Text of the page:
Organ Use During Advent
  • Is the organ supposed to be used less in Advent, as it is in Lent?
    Does this apply to the OF Mass as well as the EF Mass?
    What about preludes and postludes?
    Any help would be greatly appreciated.
  • Yes to all questions.

    General Instruction of the Roman Missal (2002) 313:

    "In Advent the organ and other musical instruments should be used with a moderation that is consistent with the season's character and does not anticipate the full joy of the Nativity of the Lord."

    Musicam Sacram (1967)* 65-66:

    "In sung or said Masses, the organ, or other instrument legitimately admitted, can be used to accompany the singing of the choir and the people; it can also be played solo at the beginning before the priest reaches the altar, at the Offertory, at the Communion, and at the end of Mass.

    "The same rule, with the necessary adaptations, can be applied to other sacred celebrations.

    "The playing of these same instruments as solos is not permitted in Advent, Lent, during the Sacred Triduum and in the Offices and Masses of the Dead."

    *"'Musicam Sacram' has not been abrogated and indeed its principles are still in force." — Fr. Edward McNamara, professor of liturgy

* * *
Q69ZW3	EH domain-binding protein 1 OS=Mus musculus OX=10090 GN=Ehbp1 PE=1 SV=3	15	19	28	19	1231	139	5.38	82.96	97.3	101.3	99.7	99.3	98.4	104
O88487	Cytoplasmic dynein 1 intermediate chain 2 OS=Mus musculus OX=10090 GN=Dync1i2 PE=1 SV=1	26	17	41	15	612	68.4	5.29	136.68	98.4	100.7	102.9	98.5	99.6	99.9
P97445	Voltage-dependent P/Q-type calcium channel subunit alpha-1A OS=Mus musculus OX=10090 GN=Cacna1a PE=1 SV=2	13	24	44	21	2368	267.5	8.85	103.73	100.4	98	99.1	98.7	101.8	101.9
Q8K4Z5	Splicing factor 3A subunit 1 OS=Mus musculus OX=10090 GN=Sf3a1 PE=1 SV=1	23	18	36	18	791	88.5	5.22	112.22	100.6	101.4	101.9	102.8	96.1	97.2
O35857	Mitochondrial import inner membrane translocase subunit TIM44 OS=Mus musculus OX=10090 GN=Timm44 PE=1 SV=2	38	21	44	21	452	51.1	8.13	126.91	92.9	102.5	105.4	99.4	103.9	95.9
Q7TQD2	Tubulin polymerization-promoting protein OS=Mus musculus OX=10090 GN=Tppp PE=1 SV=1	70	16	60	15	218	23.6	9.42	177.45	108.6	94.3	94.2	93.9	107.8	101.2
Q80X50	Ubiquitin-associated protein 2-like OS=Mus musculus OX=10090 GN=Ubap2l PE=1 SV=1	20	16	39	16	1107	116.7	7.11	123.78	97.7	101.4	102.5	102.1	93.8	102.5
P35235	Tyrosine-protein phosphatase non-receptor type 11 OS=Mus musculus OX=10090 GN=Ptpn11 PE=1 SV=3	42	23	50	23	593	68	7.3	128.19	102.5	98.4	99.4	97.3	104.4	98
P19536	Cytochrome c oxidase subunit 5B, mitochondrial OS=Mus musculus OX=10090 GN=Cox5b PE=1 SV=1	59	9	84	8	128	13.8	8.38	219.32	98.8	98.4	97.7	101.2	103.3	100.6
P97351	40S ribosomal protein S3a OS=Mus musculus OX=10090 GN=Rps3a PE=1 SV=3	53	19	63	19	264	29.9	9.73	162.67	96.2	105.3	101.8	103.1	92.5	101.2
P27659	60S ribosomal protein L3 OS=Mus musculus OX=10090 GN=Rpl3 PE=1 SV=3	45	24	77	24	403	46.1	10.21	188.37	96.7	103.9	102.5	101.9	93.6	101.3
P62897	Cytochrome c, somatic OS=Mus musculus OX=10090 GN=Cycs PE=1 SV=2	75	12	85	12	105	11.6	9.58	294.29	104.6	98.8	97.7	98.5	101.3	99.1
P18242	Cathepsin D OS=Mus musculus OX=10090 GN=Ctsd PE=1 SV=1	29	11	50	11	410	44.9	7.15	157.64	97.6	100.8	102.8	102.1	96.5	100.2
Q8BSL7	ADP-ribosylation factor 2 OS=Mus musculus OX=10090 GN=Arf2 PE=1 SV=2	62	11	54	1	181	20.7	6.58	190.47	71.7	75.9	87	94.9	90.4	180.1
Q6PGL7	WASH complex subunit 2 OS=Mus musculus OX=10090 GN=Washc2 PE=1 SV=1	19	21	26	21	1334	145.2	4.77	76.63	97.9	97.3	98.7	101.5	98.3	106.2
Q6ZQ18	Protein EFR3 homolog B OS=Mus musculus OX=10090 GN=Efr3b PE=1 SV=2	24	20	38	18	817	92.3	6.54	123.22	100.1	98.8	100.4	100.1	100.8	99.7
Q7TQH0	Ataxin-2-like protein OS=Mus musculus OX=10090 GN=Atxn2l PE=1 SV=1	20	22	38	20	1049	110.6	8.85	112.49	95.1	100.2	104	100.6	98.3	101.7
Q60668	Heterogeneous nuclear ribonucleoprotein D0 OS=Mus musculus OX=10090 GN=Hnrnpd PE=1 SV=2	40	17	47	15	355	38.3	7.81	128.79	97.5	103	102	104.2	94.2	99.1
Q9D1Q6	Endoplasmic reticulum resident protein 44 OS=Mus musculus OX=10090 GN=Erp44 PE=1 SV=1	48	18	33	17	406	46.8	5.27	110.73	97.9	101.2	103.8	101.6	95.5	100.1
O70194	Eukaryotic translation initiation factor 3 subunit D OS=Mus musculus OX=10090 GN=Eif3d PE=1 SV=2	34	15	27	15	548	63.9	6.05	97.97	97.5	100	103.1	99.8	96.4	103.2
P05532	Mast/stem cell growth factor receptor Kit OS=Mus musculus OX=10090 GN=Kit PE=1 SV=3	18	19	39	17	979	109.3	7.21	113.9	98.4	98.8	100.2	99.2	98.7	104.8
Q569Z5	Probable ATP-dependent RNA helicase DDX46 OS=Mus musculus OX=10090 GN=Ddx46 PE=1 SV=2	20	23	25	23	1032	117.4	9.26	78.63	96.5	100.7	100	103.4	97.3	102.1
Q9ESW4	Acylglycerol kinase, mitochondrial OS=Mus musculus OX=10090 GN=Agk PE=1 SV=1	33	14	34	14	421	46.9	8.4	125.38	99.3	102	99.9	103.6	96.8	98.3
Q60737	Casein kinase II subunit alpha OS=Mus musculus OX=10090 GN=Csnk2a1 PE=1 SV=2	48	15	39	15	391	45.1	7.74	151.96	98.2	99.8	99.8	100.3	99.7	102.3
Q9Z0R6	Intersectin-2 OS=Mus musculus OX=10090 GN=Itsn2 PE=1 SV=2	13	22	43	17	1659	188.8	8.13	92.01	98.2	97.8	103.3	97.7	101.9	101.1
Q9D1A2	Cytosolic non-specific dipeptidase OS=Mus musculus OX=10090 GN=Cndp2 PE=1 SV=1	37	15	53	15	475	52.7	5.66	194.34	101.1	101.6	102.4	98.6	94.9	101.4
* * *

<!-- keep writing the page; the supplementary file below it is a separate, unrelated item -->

• Additionally:

    It seems that in lieu of organ music should be choral or congregational music, especially if the selections are in keeping with the character of the liturgy and the season. Absolute silence might be employed depending on the congregation's comfort with it, but we live in a culture that is very uncomfortable with silence.

    In the parishes I'm situated, the organ prelude is eliminated during Advent except for Gaudete Sunday (III Advent) and for Immaculate Conception. But I do employ muted organ accompaniment at Communion after the sung selection, as well as muted and less frantic postludes — accompanied silence, as it were — working with an ear towards complete compliance with the Church's norms on a gradual basis, season by season.
    Thanked by 2Mary Ann RedPop4
  • Adam WoodAdam Wood
    Posts: 6,451
    Besides "supposed to," this should also be covered by "it's such a good idea why wouldn't you?"

    We're doing WAY less organ this Advent (and I already do a good bit of unaccompanied choral music and chant). This is my first Advent at this parish, and they love it.

    I'm also testing out pieces of my new unaccompanied Mass setting, based on Shaker chants. (One of the benefits of working in an Episcopalian parish right now is that they don't care much about translations one way or the other, so I can try out musical settings of the new Ordinary freely. By the way, no one died when we sang "God of Hosts" instead of "Power and Might.")